A historic vote by the U.S. House of Representatives is on the way this month. House Majority Whip James Clyburn recently said in an email that the full House will vote in September on the Marijuana Opportunity Reinvestment and Expungement Act of 2019, also referred to as the MORE Act.
This vote will be a major milestone for the cannabis industry because it will be the first time either chamber of the U.S. Congress will consider removing marijuana from the list of federally controlled substances. The MORE Act also would expunge all nonviolent federal convictions related to marijuana.
With such a pivotal legislative moment right around the corner, you might think that marijuana stocks are on the verge of taking off. That could be the case, but don't buy pot stocks just because of the upcoming vote on decriminalizing marijuana. Here's why.
Much ado about nothing
Will the House pass the MORE Act? It seems highly likely.
The legislation sailed through the House Judiciary Committee in November 2019 with a 24-10 vote. It even had solid bipartisan support with more than 50 cosponsors from both parties. The chances of winning in a full House vote appear to be very good.
But regardless of how the House vote goes, it will almost certainly be a futile effort. For any bill to become law, it must pass both the House and the Senate and then be signed by the president. Don't hold your breath that those second and third steps will happen.
Senate Majority Leader Mitch McConnell is no fan of marijuana legalization. That might partly be due to his desire to protect the hemp market in his home state of Kentucky. With Sen. McConnell calling the shots, the odds that the MORE Act would be brought before the full Senate for a vote are slim to none.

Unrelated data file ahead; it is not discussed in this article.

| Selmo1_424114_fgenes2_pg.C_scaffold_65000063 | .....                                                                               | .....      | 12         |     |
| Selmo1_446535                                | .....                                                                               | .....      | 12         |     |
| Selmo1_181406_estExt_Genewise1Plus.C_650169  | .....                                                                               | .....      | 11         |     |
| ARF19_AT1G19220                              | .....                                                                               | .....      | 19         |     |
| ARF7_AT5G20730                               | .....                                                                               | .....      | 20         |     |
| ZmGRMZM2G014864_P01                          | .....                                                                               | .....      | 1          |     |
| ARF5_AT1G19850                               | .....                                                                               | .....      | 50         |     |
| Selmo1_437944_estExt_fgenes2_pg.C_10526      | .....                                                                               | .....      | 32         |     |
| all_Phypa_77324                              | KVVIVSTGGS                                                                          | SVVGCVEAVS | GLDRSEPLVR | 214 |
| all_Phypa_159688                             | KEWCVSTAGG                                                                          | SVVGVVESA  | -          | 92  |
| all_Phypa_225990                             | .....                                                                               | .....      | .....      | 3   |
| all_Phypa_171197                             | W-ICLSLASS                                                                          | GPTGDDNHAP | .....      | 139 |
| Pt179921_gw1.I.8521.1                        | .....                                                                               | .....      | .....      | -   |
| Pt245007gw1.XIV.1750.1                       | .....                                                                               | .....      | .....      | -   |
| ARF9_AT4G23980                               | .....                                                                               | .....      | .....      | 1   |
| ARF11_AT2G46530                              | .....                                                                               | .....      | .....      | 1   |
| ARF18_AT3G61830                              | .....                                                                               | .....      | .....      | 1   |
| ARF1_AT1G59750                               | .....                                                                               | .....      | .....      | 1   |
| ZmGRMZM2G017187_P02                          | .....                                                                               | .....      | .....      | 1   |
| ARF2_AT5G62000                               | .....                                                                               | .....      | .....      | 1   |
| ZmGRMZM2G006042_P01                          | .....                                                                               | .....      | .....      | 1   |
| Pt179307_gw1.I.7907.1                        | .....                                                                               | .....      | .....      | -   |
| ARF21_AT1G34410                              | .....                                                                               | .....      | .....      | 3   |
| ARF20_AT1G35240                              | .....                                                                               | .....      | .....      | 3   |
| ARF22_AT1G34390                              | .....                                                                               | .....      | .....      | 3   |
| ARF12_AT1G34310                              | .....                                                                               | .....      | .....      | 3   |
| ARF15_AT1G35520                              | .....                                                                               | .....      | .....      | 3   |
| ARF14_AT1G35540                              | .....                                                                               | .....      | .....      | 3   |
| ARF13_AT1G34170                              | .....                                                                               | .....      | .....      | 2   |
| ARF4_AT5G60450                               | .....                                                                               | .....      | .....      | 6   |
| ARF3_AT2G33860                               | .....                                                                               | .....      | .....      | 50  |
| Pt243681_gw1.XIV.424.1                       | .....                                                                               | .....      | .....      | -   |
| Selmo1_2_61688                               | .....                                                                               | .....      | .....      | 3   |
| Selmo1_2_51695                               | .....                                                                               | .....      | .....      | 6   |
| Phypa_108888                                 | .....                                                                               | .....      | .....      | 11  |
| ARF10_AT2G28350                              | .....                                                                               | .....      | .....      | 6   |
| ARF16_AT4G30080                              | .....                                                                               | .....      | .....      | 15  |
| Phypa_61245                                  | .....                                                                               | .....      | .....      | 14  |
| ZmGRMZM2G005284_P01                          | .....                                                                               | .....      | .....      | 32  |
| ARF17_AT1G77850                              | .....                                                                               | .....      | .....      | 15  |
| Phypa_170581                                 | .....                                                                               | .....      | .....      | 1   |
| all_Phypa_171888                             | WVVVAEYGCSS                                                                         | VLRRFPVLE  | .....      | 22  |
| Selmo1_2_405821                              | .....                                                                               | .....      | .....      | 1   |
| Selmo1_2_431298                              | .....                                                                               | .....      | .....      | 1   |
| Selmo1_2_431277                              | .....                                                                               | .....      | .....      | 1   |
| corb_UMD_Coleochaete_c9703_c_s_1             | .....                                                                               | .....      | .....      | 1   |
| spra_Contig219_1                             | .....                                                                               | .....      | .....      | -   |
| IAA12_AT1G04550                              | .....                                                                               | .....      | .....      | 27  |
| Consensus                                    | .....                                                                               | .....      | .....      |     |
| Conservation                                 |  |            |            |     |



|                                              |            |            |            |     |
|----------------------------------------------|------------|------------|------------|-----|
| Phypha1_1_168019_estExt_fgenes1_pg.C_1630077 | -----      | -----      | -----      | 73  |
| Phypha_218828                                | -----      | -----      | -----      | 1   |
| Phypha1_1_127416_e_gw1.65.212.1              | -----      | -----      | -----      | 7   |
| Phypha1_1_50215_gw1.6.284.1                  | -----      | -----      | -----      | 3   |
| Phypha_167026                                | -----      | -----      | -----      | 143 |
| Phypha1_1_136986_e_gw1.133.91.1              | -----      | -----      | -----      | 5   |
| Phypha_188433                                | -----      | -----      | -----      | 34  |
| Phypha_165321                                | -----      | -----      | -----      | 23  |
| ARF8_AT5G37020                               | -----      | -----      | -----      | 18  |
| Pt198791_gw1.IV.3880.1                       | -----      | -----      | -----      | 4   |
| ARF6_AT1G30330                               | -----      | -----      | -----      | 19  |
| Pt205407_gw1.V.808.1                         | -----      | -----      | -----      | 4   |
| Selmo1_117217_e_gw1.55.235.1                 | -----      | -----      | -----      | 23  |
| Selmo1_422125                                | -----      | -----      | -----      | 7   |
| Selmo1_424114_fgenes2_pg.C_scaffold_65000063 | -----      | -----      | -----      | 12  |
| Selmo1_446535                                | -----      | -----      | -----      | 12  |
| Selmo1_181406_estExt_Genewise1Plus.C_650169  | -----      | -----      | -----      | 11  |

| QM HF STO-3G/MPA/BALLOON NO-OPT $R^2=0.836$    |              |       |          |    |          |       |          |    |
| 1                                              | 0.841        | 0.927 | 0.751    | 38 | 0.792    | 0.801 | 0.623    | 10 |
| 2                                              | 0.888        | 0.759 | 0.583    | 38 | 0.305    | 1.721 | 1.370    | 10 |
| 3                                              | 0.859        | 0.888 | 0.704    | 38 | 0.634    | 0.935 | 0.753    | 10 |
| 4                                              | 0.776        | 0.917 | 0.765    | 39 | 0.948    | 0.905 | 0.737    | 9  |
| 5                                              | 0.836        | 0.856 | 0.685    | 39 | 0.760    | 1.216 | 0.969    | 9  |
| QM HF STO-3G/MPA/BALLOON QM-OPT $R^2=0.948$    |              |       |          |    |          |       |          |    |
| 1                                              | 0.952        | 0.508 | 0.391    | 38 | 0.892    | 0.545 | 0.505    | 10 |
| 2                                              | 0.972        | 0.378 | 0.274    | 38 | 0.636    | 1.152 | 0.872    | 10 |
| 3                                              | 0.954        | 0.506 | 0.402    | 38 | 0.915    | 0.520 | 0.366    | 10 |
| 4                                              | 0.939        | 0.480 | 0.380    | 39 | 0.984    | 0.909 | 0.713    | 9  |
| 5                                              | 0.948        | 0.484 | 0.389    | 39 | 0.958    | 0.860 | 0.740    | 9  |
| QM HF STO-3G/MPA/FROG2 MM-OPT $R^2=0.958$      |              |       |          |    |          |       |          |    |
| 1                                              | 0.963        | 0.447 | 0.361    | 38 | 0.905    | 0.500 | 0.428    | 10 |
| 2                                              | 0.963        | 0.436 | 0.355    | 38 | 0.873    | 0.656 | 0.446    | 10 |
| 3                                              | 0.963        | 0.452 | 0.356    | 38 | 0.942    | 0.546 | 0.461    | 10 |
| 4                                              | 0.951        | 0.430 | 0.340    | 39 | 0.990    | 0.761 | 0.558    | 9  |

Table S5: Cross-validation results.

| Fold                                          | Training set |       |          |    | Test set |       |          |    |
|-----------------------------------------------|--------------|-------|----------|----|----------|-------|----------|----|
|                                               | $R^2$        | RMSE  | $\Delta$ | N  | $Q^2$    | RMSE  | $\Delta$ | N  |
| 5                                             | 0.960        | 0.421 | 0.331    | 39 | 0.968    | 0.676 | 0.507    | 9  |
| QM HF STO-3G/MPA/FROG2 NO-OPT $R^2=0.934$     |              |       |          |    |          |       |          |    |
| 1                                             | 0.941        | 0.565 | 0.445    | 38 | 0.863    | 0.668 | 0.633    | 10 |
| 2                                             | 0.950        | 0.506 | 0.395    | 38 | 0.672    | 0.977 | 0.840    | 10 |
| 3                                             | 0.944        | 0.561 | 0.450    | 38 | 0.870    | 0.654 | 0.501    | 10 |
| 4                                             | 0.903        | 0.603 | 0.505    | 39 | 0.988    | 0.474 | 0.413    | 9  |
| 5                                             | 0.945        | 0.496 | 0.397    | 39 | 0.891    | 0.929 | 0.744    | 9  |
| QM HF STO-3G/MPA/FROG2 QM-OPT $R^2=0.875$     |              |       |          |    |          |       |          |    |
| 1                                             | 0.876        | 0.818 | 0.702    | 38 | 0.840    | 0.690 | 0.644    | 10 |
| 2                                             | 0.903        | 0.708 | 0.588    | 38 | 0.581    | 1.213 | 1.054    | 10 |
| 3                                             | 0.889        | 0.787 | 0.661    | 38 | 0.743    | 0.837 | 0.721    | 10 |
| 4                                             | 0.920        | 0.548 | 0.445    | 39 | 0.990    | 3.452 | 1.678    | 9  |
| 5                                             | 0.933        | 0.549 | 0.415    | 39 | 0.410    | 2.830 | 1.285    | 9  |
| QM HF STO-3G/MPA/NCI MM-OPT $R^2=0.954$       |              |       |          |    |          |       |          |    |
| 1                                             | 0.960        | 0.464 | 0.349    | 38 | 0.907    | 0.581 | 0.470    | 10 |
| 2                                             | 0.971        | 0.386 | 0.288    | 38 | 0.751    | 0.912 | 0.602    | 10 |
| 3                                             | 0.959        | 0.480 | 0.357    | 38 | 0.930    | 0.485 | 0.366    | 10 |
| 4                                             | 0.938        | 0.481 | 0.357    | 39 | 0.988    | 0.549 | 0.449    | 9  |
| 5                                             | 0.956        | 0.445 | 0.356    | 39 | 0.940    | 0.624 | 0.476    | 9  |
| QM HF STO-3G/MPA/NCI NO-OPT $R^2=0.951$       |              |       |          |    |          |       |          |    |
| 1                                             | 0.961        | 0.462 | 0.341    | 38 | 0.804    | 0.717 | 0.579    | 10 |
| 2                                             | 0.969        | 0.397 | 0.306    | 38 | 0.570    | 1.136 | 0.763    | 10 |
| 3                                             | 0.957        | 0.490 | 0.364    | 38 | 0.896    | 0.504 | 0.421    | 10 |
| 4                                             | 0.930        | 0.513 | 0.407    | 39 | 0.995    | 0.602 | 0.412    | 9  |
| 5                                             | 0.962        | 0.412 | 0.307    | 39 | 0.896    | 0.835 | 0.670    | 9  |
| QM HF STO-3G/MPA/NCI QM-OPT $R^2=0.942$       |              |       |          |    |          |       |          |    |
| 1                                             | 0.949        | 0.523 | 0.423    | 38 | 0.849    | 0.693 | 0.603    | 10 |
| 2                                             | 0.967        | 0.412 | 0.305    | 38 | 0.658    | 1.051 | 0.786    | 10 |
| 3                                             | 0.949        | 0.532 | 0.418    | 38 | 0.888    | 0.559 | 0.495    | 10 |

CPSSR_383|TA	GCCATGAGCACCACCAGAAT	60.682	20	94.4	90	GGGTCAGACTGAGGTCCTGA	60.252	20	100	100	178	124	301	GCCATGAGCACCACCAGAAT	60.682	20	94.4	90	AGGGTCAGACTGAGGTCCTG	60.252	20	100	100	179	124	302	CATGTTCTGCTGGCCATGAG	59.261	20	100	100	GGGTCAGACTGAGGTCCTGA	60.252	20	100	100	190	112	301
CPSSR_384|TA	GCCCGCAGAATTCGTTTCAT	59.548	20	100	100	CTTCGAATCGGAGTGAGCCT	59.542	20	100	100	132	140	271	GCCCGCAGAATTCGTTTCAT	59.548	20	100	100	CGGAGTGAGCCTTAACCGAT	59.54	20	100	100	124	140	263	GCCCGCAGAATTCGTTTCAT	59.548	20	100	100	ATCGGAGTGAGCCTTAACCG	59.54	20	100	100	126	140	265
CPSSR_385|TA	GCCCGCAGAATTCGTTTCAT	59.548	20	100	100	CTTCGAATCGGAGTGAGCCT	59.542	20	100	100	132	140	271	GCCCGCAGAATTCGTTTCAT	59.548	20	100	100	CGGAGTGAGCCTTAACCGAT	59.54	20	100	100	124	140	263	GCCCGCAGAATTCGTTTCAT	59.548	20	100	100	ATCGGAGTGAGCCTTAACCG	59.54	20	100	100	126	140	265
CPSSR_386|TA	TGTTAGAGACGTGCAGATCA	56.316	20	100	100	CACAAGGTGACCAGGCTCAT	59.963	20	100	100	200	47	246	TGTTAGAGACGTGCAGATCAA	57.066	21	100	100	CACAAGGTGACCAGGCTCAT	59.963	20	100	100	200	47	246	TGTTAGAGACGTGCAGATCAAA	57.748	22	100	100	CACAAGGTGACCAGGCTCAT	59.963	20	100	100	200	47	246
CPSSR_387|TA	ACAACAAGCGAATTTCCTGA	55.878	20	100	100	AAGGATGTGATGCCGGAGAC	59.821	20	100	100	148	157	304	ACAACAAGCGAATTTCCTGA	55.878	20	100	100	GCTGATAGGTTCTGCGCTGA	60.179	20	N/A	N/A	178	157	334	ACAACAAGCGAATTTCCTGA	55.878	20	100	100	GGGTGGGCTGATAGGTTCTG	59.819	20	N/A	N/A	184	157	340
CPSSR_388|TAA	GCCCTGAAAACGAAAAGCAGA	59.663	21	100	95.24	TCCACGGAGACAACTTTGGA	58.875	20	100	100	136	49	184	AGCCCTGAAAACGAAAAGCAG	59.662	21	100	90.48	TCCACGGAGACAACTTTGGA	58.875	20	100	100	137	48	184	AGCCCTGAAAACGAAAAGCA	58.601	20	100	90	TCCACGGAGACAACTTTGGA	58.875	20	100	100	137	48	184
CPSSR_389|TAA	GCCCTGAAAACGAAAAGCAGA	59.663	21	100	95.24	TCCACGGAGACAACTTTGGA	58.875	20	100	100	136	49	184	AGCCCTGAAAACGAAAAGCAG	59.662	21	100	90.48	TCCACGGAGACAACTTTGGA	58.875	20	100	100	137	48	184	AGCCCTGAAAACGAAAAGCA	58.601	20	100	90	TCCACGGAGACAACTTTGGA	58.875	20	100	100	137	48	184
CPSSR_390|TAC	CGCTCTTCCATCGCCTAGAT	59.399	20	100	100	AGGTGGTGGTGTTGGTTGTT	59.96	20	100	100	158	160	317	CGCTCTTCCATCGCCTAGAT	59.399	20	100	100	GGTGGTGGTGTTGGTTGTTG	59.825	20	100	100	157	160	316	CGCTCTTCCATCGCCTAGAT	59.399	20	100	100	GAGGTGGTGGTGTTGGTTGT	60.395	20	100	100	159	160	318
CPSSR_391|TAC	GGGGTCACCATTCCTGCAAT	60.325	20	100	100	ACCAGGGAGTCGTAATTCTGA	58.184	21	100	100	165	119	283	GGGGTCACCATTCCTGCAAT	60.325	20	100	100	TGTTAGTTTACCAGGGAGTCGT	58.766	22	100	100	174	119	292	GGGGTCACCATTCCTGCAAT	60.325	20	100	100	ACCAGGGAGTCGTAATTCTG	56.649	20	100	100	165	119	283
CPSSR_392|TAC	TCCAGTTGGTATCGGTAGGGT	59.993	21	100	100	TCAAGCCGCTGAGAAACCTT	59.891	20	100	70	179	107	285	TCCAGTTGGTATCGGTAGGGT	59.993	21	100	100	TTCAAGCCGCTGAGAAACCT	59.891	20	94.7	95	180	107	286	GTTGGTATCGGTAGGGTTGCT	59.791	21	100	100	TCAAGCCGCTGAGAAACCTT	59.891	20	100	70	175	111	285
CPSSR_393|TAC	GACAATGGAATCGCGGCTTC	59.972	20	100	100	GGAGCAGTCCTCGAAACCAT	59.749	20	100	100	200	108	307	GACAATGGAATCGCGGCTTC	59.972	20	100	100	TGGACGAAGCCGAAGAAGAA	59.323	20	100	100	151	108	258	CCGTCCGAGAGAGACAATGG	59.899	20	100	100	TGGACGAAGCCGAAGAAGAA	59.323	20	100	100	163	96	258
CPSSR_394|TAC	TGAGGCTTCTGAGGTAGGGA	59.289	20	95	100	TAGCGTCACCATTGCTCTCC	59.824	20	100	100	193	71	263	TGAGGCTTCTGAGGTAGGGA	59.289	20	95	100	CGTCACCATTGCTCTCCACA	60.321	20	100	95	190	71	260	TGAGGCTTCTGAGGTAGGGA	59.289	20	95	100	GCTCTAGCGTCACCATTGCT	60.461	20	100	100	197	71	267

Even if, by some miracle, the Senate did vote to pass the MORE Act, it could still hit a brick wall at the White House. President Trump warned Republicans in August that they shouldn't put marijuana legalization on the ballot when they're running for office.
The expected vote on the MORE Act by the House later this month will be important from a symbolic standpoint, at least. It could also cause some stocks to jump.
For example, investors have waited for a long time to see the day when Canopy Growth (CGC -4.25%) could expand into the U.S. marijuana market. I wouldn't be surprised if Canopy's shares move higher on the House vote. The company is in the best position among the leading Canadian cannabis producers to profit from U.S. marijuana decriminalization (and perhaps eventual legalization) thanks to its deal to acquire Acreage Holdings (ACRGF) and its close relationship with Constellation Brands (STZ -0.95%).
U.S.-based cannabis stocks could also enjoy a nice bump. Green Thumb Industries' (GTBIF 3.84%) shares have soared so far this year thanks to rising sales. Even the hint that the progress is being made toward legalizing pot at the federal level would likely provide an additional catalyst for the stock.
Conversely, there's at least one cannabis stock that could potentially decline somewhat with the U.S. House vote on the MORE Act. Innovative Industrial Properties (IIPR 2.13%) is practically printing money as the leader in the cannabis real estate capital market. It's possible that investors could become a little concerned that a move toward legalization could pave the way for more competitors to edge in on IIP's turf. My view is that IIP would still win over the long run, but its stock could slip if such worries arise.
Again, though, any moves either up or down by marijuana stocks in response to the House vote on the MORE Act will be temporary. The bill will almost certainly be dead on arrival in the Senate.
Setting the stage?
There is one reason, however, for investors in marijuana stocks to be optimistic: The coming House vote could set the stage for passage of the MORE Act (or something similar to it) in the next Congress.
Democrats appear to be in a great position to retain control of the House. Based on current polls, they also have a decent shot at winning a majority in the Senate and recapturing the White House. If that happens, the path to decriminalizing marijuana at the federal level and allowing states to make their own decisions on legalization will become a whole lot easier.
If you have an itch to buy marijuana stocks, a possible blue shift in November is a much better reason to do so than the symbolic House vote this month.